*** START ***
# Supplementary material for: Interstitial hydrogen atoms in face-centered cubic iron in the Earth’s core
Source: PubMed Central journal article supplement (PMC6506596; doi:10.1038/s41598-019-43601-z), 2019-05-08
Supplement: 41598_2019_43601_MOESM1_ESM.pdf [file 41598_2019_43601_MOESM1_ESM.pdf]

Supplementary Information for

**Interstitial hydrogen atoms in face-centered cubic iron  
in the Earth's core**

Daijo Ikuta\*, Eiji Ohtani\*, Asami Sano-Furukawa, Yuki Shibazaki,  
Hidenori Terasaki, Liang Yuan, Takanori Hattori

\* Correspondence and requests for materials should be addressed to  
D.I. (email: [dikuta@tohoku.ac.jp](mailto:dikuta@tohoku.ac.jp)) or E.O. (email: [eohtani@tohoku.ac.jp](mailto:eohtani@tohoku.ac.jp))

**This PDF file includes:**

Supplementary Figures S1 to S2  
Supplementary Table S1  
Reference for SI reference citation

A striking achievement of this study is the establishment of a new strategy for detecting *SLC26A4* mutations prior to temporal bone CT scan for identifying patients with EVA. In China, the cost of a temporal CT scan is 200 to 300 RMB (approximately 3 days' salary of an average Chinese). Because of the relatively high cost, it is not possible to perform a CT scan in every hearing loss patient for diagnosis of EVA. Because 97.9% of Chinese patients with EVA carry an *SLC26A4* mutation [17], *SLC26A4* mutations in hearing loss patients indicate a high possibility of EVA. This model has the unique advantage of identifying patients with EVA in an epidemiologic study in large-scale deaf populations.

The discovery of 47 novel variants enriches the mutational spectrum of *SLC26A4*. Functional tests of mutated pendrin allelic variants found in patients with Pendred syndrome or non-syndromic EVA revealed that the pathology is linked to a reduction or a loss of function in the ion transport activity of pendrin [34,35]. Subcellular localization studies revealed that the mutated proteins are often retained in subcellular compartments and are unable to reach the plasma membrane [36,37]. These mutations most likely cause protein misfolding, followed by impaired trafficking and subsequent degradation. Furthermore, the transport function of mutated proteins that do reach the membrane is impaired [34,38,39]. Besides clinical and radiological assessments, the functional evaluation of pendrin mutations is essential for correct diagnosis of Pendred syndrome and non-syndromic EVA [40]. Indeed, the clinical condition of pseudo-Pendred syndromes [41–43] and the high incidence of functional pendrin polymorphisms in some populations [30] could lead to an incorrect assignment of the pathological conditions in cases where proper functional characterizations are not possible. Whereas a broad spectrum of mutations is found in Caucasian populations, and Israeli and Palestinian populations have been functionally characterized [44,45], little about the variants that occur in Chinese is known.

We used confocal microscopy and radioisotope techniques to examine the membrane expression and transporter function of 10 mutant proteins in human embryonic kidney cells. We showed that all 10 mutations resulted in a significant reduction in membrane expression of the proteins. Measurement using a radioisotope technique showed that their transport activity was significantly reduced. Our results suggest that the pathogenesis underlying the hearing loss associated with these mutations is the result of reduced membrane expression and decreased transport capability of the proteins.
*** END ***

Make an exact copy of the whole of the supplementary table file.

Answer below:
# Supplementary material for: Interstitial hydrogen atoms in face-centered cubic iron in the Earth’s core
Source: PubMed Central journal article supplement (PMC6506596; doi:10.1038/s41598-019-43601-z), 2019-05-08
Supplement: 41598_2019_43601_MOESM1_ESM.pdf [file 41598_2019_43601_MOESM1_ESM.pdf]

Supplementary Information for

**Interstitial hydrogen atoms in face-centered cubic iron  
in the Earth's core**

Daijo Ikuta\*, Eiji Ohtani\*, Asami Sano-Furukawa, Yuki Shibazaki,  
Hidenori Terasaki, Liang Yuan, Takanori Hattori

\* Correspondence and requests for materials should be addressed to  
D.I. (email: [dikuta@tohoku.ac.jp](mailto:dikuta@tohoku.ac.jp)) or E.O. (email: [eohtani@tohoku.ac.jp](mailto:eohtani@tohoku.ac.jp))

**This PDF file includes:**

Supplementary Figures S1 to S2  
Supplementary Table S1  
Reference for SI reference citation

A striking achievement of this study is the establishment of a new strategy for detecting *SLC26A4* mutations prior to temporal bone CT scan for identifying patients with EVA. In China, the cost of a temporal CT scan is 200 to 300 RMB (approximately 3 days' salary of an average Chinese). Because of the relatively high cost, it is not possible to perform a CT scan in every hearing loss patient for diagnosis of EVA. Because 97.9% of Chinese patients with EVA carry an *SLC26A4* mutation [17], *SLC26A4* mutations in hearing loss patients indicate a high possibility of EVA. This model has the unique advantage of identifying patients with EVA in an epidemiologic study in large-scale deaf populations.

The discovery of 47 novel variants enriches the mutational spectrum of *SLC26A4*. Functional tests of mutated pendrin allelic variants found in patients with Pendred syndrome or non-syndromic EVA revealed that the pathology is linked to a reduction or a loss of function in the ion transport activity of pendrin [34,35]. Subcellular localization studies revealed that the mutated proteins are often retained in subcellular compartments and are unable to reach the plasma membrane [36,37]. These mutations most likely cause protein misfolding, followed by impaired trafficking and subsequent degradation. Furthermore, the transport function of mutated proteins that do reach the membrane is impaired [34,38,39]. Besides clinical and radiological assessments, the functional evaluation of pendrin mutations is essential for correct diagnosis of Pendred syndrome and non-syndromic EVA [40]. Indeed, the clinical condition of pseudo-Pendred syndromes [41–43] and the high incidence of functional pendrin polymorphisms in some populations [30] could lead to an incorrect assignment of the pathological conditions in cases where proper functional characterizations are not possible. Whereas a broad spectrum of mutations is found in Caucasian populations, and Israeli and Palestinian populations have been functionally characterized [44,45], little about the variants that occur in Chinese is known.

We used confocal microscopy and radioisotope techniques to examine the membrane expression and transporter function of 10 mutant proteins in human embryonic kidney cells. We showed that all 10 mutations resulted in a significant reduction in membrane expression of the proteins. Measurement using a radioisotope technique showed that their transport activity was significantly reduced. Our results suggest that the pathogenesis underlying the hearing loss associated with these mutations is the result of reduced membrane expression and decreased transport capability of the proteins.